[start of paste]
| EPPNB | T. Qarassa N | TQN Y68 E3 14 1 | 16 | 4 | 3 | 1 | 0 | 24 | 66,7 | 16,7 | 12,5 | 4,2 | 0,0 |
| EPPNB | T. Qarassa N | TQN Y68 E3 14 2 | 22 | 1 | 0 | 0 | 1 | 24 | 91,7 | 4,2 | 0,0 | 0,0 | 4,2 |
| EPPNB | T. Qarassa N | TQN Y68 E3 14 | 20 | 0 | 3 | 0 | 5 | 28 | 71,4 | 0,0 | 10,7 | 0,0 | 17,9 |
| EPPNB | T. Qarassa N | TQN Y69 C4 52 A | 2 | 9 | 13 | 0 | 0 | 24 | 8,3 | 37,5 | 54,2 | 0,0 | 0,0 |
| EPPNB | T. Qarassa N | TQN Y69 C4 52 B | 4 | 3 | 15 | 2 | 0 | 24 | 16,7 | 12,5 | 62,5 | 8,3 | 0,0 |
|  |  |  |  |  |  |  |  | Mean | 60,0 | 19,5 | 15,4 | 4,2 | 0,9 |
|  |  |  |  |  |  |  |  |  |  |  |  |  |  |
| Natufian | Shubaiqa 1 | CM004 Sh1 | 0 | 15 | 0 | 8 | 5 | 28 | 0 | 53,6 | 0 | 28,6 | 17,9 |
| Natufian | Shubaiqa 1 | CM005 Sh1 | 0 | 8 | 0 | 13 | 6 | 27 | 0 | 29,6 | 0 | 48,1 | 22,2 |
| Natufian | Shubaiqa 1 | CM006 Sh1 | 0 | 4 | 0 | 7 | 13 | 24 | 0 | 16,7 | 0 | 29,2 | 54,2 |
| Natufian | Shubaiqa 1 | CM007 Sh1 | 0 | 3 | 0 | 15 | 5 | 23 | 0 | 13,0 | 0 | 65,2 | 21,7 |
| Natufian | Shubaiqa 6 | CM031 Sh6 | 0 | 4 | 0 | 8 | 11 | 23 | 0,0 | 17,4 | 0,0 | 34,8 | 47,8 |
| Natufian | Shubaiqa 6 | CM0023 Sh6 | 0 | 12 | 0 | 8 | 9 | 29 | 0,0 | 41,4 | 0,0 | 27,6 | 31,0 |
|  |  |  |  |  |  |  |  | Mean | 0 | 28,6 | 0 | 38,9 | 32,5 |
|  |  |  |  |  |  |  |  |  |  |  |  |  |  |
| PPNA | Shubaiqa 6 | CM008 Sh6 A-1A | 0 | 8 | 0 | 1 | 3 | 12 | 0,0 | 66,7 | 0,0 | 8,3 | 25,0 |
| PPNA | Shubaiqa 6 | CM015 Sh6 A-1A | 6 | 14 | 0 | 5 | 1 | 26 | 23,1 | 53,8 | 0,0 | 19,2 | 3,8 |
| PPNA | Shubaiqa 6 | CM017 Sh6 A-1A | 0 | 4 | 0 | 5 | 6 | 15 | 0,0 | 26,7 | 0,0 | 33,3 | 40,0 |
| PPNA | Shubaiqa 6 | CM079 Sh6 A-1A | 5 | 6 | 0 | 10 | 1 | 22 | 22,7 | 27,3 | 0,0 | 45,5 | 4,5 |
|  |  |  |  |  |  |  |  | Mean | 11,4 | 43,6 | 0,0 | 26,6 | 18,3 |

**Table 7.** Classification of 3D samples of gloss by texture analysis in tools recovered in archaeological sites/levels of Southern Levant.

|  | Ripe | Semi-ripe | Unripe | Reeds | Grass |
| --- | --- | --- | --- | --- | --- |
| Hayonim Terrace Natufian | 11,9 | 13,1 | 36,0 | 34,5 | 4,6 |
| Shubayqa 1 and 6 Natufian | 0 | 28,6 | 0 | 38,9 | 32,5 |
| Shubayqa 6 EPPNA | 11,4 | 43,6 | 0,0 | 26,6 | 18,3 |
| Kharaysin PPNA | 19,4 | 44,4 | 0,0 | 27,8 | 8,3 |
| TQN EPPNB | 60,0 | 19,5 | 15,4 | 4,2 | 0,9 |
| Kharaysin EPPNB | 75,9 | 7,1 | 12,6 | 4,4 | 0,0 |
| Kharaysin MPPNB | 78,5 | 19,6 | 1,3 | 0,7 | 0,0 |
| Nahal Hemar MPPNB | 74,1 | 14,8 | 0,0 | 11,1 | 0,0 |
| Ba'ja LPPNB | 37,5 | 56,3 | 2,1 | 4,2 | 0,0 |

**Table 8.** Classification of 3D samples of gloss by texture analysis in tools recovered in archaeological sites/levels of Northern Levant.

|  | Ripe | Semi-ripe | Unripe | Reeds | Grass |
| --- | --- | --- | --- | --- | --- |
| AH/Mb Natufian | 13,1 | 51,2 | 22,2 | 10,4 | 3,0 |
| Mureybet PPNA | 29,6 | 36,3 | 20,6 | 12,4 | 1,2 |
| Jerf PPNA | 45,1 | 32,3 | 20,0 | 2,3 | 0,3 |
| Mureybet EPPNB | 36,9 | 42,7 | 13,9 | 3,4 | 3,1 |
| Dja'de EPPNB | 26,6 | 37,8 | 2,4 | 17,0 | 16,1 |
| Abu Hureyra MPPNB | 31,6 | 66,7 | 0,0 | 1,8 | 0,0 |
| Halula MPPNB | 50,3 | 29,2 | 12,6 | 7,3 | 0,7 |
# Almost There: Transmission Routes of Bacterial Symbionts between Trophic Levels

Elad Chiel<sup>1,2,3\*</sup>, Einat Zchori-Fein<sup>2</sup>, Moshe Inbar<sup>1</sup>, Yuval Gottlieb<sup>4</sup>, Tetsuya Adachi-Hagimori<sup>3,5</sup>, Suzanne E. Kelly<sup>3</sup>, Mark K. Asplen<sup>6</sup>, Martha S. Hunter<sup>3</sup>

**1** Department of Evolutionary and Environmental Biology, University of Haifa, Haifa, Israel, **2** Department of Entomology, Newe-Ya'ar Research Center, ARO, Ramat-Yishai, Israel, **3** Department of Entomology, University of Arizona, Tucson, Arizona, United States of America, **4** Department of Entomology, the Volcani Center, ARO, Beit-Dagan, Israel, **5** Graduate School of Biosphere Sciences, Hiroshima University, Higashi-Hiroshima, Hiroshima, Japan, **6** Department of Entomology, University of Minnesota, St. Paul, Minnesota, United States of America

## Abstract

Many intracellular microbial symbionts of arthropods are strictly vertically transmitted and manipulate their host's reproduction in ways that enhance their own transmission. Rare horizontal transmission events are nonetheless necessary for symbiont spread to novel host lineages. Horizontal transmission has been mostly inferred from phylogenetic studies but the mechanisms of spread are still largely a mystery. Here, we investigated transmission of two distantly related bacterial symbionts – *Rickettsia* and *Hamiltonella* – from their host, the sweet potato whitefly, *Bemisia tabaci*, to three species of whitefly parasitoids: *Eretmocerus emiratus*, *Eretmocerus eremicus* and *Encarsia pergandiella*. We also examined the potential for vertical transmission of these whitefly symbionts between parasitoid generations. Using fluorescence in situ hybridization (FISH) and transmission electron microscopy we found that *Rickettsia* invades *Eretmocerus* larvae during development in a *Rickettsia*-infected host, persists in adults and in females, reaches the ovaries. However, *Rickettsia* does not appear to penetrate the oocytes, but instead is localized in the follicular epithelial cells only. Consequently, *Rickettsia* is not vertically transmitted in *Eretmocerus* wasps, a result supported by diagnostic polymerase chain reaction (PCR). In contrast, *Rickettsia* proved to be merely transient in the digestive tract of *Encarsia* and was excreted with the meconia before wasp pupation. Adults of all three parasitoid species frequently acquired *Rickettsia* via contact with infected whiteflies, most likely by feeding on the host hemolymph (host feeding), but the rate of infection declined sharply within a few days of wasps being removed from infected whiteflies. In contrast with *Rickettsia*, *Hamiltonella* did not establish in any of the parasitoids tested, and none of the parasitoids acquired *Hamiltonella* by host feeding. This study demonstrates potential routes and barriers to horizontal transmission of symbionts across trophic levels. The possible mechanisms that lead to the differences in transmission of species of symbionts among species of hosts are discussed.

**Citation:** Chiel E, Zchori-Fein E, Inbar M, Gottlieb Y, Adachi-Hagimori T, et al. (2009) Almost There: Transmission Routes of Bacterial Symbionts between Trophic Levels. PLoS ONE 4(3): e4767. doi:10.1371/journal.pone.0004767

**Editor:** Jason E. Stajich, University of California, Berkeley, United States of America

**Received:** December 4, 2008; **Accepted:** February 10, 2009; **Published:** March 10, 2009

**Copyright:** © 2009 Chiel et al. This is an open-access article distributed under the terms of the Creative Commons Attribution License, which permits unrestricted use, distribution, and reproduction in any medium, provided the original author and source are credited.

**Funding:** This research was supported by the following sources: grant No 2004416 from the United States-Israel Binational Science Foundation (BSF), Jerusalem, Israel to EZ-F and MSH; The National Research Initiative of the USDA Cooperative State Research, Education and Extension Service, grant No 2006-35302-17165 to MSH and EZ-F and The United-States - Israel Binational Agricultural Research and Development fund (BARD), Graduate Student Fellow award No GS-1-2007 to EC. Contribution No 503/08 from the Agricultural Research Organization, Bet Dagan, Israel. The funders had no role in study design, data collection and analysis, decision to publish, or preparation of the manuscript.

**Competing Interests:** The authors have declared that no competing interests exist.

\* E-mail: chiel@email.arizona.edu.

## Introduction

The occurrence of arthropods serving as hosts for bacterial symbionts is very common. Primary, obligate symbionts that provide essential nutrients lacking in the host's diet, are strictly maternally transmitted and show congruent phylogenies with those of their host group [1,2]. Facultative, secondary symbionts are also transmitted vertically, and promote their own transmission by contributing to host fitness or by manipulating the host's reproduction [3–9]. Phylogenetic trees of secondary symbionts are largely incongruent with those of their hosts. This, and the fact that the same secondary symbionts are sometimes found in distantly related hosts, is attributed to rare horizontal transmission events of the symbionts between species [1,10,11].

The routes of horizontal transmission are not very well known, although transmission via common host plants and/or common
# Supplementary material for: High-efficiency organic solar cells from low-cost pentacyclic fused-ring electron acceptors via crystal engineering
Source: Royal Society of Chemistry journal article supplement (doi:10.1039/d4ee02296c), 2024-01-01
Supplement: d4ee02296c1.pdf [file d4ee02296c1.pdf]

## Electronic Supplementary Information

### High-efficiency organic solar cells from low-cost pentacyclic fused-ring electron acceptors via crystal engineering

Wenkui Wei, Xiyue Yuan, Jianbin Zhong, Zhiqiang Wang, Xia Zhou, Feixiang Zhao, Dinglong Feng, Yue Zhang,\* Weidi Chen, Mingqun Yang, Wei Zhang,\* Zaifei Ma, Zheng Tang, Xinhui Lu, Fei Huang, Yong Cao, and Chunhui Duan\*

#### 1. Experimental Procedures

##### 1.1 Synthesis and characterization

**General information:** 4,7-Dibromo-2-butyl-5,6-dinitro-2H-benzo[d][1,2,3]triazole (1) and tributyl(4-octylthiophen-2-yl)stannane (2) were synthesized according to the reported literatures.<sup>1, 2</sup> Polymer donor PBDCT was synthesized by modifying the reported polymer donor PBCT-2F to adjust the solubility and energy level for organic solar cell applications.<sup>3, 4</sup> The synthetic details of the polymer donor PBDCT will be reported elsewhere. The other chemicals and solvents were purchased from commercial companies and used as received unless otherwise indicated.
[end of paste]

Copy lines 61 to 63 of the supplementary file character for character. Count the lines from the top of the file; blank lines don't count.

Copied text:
## Electronic Supplementary Information

### High-efficiency organic solar cells from low-cost pentacyclic fused-ring electron acceptors via crystal engineering

Wenkui Wei, Xiyue Yuan, Jianbin Zhong, Zhiqiang Wang, Xia Zhou, Feixiang Zhao, Dinglong Feng, Yue Zhang,\* Weidi Chen, Mingqun Yang, Wei Zhang,\* Zaifei Ma, Zheng Tang, Xinhui Lu, Fei Huang, Yong Cao, and Chunhui Duan\*